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emotions-anger born of interpersonal strife, shock, grief, chronic worry, and other affects perceived as potentially harmful” (1988, 63). The move san syndrome is also believed to be capable of progressing to AIDS (Farmer, 1988, Miller, 2000).

Death. Haitians usually approach death as a natural part of cycle of life. Haitians hold their deceased family members in high regard and perform elaborate, costly and extended funeral rituals to assure the goodwill of the deceased. Deceased family members are still considered to be part of the family; they advise and help their descendents through dreams (Miller, 2000). Dayan (1995) writes, “If the disposal of dead slaves was a careless deed that marked irrevocable inhumanity, funeral rites in independent Haiti became central to both the living and the dead. The deceased do not worry about their future life but fear that they might not be properly served by the living” (p. 264). The issue of proper death rites and burial is particularly important in the wake of the earthquake. Many people have not had the opportunity to find and bury their lost loved ones or had to abandon them, or see them buried in a mass grave with no ceremonies. As a result, there may be an increase in ambiguity and uncertainty over the fate of the dead, with the risk of nightmares, worries and moral concerns when thinking about the dead.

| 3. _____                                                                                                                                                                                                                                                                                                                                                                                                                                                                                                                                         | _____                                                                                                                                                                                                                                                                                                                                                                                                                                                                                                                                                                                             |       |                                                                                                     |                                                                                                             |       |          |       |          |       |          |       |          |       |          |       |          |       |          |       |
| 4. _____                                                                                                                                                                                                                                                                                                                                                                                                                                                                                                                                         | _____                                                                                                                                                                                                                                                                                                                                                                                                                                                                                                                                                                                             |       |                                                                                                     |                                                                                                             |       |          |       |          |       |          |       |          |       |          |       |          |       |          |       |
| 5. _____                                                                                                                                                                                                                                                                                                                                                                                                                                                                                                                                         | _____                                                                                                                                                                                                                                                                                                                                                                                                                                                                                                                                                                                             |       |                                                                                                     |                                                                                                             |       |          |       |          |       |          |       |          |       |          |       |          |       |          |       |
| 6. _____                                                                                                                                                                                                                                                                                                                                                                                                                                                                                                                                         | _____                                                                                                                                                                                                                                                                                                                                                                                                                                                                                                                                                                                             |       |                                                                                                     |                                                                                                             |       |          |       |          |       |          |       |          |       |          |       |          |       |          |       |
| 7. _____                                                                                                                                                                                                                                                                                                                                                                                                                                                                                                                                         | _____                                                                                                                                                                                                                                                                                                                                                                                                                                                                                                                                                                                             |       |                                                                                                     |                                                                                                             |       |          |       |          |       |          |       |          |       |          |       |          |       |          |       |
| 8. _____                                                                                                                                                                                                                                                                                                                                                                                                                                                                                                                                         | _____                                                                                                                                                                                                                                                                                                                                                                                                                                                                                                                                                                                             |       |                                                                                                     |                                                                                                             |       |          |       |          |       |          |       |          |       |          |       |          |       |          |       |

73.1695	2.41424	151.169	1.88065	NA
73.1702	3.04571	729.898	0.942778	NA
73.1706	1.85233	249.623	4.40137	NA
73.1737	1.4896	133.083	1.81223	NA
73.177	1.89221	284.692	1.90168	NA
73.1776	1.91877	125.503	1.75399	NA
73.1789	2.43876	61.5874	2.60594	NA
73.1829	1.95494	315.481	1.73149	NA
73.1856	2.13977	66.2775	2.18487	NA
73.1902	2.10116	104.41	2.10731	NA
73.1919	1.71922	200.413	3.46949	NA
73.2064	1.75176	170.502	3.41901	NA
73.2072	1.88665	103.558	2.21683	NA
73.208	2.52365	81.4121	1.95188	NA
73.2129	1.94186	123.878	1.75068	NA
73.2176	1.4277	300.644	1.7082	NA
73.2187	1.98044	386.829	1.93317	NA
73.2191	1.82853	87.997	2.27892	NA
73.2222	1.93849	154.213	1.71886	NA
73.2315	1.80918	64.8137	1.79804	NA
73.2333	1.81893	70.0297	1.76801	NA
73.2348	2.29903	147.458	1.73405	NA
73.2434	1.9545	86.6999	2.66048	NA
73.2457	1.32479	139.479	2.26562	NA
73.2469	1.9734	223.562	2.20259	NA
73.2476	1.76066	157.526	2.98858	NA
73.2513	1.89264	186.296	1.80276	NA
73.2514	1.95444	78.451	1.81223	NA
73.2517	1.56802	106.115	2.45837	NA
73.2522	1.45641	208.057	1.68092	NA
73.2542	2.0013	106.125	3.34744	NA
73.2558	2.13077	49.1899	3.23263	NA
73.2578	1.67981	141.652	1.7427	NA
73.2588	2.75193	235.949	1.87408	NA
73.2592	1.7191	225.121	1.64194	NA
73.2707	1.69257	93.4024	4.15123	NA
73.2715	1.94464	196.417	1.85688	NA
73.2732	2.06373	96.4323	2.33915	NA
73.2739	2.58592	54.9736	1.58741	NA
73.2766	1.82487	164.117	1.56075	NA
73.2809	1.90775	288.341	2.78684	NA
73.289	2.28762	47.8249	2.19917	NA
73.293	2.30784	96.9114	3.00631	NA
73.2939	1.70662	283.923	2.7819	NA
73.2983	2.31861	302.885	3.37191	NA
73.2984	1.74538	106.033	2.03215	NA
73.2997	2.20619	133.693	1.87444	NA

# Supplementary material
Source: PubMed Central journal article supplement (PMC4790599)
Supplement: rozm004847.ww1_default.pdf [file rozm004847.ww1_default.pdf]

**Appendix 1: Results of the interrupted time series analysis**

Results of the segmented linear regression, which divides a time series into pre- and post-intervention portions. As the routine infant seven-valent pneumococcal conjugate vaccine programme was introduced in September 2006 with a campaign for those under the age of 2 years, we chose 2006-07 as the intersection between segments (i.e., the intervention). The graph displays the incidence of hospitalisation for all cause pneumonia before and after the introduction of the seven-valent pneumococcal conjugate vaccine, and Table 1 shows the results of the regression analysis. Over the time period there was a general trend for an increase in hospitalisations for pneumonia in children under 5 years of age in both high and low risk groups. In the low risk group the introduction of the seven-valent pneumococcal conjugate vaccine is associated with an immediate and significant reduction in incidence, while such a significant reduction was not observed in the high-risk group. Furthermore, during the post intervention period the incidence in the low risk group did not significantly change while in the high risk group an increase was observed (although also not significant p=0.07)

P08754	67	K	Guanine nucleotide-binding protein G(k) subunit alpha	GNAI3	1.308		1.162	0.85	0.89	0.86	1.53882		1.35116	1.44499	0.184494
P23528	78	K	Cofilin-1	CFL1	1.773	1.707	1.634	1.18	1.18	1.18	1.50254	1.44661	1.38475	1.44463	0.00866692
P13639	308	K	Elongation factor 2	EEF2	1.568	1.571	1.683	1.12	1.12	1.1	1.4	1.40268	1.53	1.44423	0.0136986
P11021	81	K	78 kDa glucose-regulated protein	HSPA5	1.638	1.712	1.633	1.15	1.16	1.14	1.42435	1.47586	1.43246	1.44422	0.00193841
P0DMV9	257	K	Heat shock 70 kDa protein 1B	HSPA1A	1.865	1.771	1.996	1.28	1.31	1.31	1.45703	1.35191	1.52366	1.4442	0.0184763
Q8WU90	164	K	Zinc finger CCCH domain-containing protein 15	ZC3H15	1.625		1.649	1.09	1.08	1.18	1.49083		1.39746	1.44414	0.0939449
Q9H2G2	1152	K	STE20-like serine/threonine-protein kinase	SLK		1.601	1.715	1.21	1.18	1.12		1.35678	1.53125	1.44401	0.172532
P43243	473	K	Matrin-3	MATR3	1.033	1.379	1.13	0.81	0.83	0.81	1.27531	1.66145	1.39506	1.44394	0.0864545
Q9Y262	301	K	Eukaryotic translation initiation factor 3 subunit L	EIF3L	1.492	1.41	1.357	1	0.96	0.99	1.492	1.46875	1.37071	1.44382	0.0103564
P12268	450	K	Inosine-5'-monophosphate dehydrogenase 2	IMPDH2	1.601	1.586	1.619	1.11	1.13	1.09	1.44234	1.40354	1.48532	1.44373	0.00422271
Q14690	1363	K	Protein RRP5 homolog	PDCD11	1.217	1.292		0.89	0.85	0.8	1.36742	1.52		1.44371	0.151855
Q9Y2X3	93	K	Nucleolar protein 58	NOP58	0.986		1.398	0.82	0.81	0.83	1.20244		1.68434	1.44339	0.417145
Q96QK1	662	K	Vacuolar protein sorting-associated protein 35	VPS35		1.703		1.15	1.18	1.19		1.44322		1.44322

Help-seeking and Service Utilization

Regardless of the type of illness, family members are usually the first to be consulted regarding treatment and advice. Haitians may not accept psychotherapy because solving personal problems is viewed as a family or religious matter (Gopaul-McNicol, Benjamin- Dartigue, & Francois, 1998). Instead, they readily consult elders and religious leaders in the community. Churches tend to confirm the belief that God will solve the problem. Many Haitians believe that God is more powerful than any other force, including as Vodou lwa-s or medical treatment (Desrosiers & Fleurose, 2002; Miller, 2000).

Haitians from the lower class will generally seek help for a mental problem from an oungan (a male Vodou priest). They may visit a mental health professional if a visit to an oungan has been unsuccessful. Some may simultaneously use both an oungan and a mental health professional. Upper and middle class Haitians are more likely to seek psychiatric care before consulting an oungan as they adhere to the biomedical model of mental illness and biopsychosocial forms of treatment. While Orthodox Roman Catholics and fundamentalist Protestants will generally not consult oungan, they will visit a doktè fey (herbalist) and will often go to church and pray. This gives them a sense of control over a situation where they may feel powerless. Many patients are averse to hospitals because patients often arrive in advanced states of illness and subsequently die in hospital. This contributes to a commonly held belief that “those who go to the hospital die” (Deren, 1983, 168).

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